How War is Initiated

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Thank you to the following reviewers of the curriculum: Andrew Demko, Rainier Junior/Senior High School; George Herring, University of Kentucky; Mark Lawrence, University of Texas at Austin; Susan Tomlinson, Franklin Central High  School. 

 ABOUT HOW WAR IS INITIATED

When was the last time the US made a declaration of war? You may answer with Afghanistan, Iraq, etc., but in fact the last time that the US formally declared war was in 1941, with the onset of World War II. Our founders intended for war to be initiated through a specific procedure, but that hasn’t always been the case, particularly in the last 50+ years.

View slides 1-2 in the presentation. The Constitution addresses how war should be initiated—in Article I, Section 8, the text states that “Congress shall have the Power to declare War.” This indicates that the authority to initiate war lies with Congress—how has this legislative authority played out in the 20th century?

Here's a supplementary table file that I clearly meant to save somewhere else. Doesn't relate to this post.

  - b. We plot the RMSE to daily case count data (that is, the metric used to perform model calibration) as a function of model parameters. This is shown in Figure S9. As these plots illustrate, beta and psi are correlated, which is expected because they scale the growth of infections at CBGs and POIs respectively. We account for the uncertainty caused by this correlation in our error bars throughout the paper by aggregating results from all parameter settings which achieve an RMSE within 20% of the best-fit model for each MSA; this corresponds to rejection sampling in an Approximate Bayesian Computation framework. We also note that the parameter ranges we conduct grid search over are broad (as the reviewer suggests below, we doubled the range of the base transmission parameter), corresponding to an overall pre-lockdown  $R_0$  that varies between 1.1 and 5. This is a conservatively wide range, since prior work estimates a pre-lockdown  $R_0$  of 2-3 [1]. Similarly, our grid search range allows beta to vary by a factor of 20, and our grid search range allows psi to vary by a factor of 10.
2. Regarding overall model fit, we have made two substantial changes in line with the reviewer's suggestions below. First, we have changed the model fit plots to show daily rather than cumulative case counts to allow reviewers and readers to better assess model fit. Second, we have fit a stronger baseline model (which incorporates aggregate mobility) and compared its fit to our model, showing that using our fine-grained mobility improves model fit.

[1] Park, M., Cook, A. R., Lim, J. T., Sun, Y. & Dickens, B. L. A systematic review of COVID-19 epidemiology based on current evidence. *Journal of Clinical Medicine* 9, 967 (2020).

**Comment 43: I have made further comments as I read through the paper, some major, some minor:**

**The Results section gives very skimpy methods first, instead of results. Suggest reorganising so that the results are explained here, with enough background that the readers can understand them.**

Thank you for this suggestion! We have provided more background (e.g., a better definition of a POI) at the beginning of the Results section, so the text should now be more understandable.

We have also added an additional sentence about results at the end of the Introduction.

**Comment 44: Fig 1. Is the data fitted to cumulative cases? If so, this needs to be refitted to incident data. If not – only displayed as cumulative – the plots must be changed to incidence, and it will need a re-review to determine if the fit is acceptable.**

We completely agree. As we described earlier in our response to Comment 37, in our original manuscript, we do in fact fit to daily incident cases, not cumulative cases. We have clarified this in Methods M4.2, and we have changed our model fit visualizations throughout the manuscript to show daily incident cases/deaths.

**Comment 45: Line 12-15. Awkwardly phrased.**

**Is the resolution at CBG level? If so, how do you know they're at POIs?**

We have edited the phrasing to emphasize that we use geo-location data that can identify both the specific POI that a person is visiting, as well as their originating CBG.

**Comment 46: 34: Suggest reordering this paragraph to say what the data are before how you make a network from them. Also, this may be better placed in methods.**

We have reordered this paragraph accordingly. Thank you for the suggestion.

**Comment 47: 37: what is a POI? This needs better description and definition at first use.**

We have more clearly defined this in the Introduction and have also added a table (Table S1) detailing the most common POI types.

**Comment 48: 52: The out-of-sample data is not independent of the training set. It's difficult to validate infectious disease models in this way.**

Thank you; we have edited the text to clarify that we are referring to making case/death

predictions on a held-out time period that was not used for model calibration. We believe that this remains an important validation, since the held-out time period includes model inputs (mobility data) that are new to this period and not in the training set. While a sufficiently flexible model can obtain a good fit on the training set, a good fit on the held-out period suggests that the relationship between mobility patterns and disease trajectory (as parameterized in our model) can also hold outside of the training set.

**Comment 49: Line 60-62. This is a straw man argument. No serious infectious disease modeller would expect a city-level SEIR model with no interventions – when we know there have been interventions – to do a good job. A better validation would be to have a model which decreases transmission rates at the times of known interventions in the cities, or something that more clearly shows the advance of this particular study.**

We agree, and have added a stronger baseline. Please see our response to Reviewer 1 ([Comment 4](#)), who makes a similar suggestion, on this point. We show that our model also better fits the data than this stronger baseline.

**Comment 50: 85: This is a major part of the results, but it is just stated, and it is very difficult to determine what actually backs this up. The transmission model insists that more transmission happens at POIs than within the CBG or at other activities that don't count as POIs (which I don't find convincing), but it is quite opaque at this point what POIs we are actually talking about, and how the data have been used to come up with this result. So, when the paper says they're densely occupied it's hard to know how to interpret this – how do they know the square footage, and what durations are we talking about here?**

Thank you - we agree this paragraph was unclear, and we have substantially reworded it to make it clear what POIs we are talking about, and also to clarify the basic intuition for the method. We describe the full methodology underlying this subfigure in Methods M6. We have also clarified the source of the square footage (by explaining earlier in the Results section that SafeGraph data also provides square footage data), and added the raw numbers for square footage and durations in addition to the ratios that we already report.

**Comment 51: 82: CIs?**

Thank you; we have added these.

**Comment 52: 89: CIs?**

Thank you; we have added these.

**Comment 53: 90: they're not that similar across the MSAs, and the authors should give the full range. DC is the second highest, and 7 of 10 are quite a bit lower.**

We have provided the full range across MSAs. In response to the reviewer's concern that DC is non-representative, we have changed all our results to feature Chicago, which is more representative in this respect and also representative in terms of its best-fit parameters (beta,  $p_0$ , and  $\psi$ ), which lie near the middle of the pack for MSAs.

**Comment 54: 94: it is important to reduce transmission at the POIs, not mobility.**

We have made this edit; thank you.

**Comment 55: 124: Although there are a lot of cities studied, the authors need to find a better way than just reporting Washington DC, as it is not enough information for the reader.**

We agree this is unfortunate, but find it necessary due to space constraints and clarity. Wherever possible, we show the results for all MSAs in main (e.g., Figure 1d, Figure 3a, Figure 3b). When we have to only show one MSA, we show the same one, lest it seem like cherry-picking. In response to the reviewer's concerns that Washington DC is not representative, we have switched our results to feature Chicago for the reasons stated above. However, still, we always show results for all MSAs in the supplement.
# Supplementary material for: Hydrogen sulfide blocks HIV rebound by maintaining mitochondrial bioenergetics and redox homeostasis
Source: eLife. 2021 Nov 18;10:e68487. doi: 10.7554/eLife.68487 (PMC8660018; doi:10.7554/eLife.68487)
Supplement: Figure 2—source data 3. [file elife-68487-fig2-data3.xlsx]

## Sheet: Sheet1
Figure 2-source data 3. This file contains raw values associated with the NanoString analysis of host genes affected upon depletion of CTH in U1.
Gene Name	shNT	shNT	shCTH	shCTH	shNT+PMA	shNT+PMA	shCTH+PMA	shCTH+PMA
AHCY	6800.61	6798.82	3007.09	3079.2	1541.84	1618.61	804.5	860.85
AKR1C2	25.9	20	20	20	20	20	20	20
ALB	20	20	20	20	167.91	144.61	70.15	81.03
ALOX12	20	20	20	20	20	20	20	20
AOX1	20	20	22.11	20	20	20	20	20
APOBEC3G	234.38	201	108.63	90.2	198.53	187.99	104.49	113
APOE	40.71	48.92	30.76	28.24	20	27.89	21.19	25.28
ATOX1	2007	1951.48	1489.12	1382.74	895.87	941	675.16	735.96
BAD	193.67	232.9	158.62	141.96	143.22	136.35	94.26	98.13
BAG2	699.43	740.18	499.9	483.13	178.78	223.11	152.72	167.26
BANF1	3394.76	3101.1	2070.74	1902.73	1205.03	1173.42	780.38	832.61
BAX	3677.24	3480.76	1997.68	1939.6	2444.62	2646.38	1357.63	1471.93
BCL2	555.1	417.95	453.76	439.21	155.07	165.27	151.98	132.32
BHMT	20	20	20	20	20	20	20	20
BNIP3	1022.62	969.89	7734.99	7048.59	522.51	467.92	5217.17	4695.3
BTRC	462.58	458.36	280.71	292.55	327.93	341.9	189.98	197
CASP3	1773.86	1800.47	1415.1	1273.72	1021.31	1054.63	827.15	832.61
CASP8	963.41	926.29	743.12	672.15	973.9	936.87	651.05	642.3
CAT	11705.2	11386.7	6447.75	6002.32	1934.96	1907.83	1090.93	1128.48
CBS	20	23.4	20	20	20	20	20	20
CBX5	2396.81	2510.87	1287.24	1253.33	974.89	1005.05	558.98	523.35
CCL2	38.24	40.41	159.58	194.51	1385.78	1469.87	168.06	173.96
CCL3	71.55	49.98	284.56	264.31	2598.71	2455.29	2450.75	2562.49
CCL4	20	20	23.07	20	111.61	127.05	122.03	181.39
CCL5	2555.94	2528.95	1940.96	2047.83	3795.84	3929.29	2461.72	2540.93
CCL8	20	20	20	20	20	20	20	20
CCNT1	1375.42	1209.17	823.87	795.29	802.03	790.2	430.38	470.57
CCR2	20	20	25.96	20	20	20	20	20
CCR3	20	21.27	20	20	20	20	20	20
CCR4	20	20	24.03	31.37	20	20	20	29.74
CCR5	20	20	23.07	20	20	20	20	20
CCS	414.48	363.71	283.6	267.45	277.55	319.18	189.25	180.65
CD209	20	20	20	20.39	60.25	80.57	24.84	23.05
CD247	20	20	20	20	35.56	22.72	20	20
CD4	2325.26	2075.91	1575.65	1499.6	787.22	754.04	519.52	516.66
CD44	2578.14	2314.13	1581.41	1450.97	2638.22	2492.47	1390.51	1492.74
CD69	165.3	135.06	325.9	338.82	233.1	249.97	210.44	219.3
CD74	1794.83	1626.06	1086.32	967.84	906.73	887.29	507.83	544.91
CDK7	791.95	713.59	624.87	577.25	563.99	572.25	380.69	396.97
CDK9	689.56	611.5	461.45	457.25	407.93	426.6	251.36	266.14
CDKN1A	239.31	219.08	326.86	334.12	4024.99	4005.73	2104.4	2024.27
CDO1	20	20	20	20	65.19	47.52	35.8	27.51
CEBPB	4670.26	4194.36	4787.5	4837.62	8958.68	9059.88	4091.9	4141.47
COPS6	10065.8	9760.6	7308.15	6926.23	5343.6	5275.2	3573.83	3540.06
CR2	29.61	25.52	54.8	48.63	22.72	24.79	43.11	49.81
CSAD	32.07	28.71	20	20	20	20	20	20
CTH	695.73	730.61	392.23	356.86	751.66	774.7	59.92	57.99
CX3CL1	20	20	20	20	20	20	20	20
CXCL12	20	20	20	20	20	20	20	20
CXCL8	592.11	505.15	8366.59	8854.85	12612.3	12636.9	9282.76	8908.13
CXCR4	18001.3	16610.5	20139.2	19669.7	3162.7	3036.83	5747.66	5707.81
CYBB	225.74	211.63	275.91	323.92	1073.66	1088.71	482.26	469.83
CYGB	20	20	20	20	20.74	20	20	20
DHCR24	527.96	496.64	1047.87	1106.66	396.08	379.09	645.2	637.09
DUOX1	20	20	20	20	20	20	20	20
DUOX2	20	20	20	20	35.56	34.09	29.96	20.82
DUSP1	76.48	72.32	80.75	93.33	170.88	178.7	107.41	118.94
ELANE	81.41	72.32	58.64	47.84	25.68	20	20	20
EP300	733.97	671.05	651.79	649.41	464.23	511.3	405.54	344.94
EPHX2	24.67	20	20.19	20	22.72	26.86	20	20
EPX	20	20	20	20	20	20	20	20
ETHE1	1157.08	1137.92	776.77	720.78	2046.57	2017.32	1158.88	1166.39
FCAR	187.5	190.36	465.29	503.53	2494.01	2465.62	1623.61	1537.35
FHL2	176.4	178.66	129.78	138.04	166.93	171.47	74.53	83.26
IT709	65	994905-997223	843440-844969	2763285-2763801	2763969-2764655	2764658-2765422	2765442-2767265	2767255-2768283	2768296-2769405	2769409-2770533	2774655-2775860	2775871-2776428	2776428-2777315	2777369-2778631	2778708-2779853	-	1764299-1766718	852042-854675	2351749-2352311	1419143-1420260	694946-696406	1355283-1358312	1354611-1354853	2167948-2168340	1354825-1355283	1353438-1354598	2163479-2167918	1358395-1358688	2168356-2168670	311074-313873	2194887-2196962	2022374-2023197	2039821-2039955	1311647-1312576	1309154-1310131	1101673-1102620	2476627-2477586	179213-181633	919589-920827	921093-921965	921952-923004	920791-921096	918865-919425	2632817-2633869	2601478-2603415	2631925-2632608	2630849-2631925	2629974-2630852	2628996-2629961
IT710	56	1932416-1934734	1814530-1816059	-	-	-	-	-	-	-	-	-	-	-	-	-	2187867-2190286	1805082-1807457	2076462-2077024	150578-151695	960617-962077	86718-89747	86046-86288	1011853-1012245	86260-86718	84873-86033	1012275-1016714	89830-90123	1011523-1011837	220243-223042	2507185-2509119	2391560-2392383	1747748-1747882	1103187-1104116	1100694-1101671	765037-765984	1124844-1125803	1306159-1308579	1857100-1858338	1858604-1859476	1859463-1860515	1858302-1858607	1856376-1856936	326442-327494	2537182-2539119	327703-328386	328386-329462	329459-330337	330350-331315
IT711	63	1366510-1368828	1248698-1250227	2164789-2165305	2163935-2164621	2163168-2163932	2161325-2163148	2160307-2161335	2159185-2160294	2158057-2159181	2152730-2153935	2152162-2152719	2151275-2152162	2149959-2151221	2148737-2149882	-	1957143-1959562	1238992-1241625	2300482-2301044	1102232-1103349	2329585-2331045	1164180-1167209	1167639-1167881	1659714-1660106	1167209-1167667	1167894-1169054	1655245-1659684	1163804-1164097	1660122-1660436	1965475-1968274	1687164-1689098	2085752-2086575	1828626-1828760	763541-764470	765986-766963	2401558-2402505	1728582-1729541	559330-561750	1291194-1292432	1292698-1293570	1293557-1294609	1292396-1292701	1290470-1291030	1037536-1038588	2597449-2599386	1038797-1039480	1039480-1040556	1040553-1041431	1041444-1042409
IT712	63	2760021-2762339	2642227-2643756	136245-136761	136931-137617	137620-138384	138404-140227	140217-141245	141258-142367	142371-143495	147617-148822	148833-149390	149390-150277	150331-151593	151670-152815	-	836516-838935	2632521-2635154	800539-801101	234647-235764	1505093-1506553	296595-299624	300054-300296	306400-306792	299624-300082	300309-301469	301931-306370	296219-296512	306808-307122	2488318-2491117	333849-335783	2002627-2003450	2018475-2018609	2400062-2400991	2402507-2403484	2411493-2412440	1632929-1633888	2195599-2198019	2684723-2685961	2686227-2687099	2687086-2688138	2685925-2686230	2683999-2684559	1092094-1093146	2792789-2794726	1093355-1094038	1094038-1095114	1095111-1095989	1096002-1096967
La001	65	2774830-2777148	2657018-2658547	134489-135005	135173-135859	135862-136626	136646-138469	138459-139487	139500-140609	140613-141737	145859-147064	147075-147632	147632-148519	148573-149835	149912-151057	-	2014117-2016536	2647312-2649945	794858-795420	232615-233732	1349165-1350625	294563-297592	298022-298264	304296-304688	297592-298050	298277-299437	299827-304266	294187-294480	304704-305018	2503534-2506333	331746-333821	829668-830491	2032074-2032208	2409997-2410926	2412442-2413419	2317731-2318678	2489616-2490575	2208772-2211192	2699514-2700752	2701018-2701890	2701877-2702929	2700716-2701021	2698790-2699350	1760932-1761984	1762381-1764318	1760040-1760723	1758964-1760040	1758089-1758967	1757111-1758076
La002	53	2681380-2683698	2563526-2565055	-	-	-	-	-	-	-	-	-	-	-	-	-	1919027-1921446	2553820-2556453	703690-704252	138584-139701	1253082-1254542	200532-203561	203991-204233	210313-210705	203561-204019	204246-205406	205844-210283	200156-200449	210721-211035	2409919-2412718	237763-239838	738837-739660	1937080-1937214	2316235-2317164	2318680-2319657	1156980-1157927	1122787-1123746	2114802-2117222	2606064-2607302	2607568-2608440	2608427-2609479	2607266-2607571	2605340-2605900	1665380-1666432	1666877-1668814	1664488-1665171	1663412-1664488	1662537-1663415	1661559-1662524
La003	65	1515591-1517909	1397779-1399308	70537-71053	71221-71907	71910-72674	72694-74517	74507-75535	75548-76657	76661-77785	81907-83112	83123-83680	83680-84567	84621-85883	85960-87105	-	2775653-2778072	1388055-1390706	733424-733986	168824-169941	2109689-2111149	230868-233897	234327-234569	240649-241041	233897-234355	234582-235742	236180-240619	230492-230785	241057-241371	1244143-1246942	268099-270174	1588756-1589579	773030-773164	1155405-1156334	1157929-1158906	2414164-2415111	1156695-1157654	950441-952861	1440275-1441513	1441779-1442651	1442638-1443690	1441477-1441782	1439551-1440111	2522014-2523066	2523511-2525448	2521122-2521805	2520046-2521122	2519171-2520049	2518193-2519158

In slide 3, you see an image from the Japanese attack on Pearl Harbor naval base in Hawaii on December 7, 1941. Before this attack, American citizens largely supported a policy of non-intervention in foreign conflicts. Over 2000 Americans lost their lives in the attack on Pearl Harbor, and the tragic and seemingly unanticipated event galvanized the American public.

Watch the video included on slide 4, which is President Roosevelt’s now famous address to Congress concerning the attack and the prospect of war against Japan. What language does the President use 1.) to justify the need for armed intervention as a response to the attack and 2.) to bolster confidence in and support for an armed intervention? How does this address seem to maintain the founders’ intentions regarding the initiation of war? On December 8, Congress passed a resolution formally declaring war against Japan (slide 5).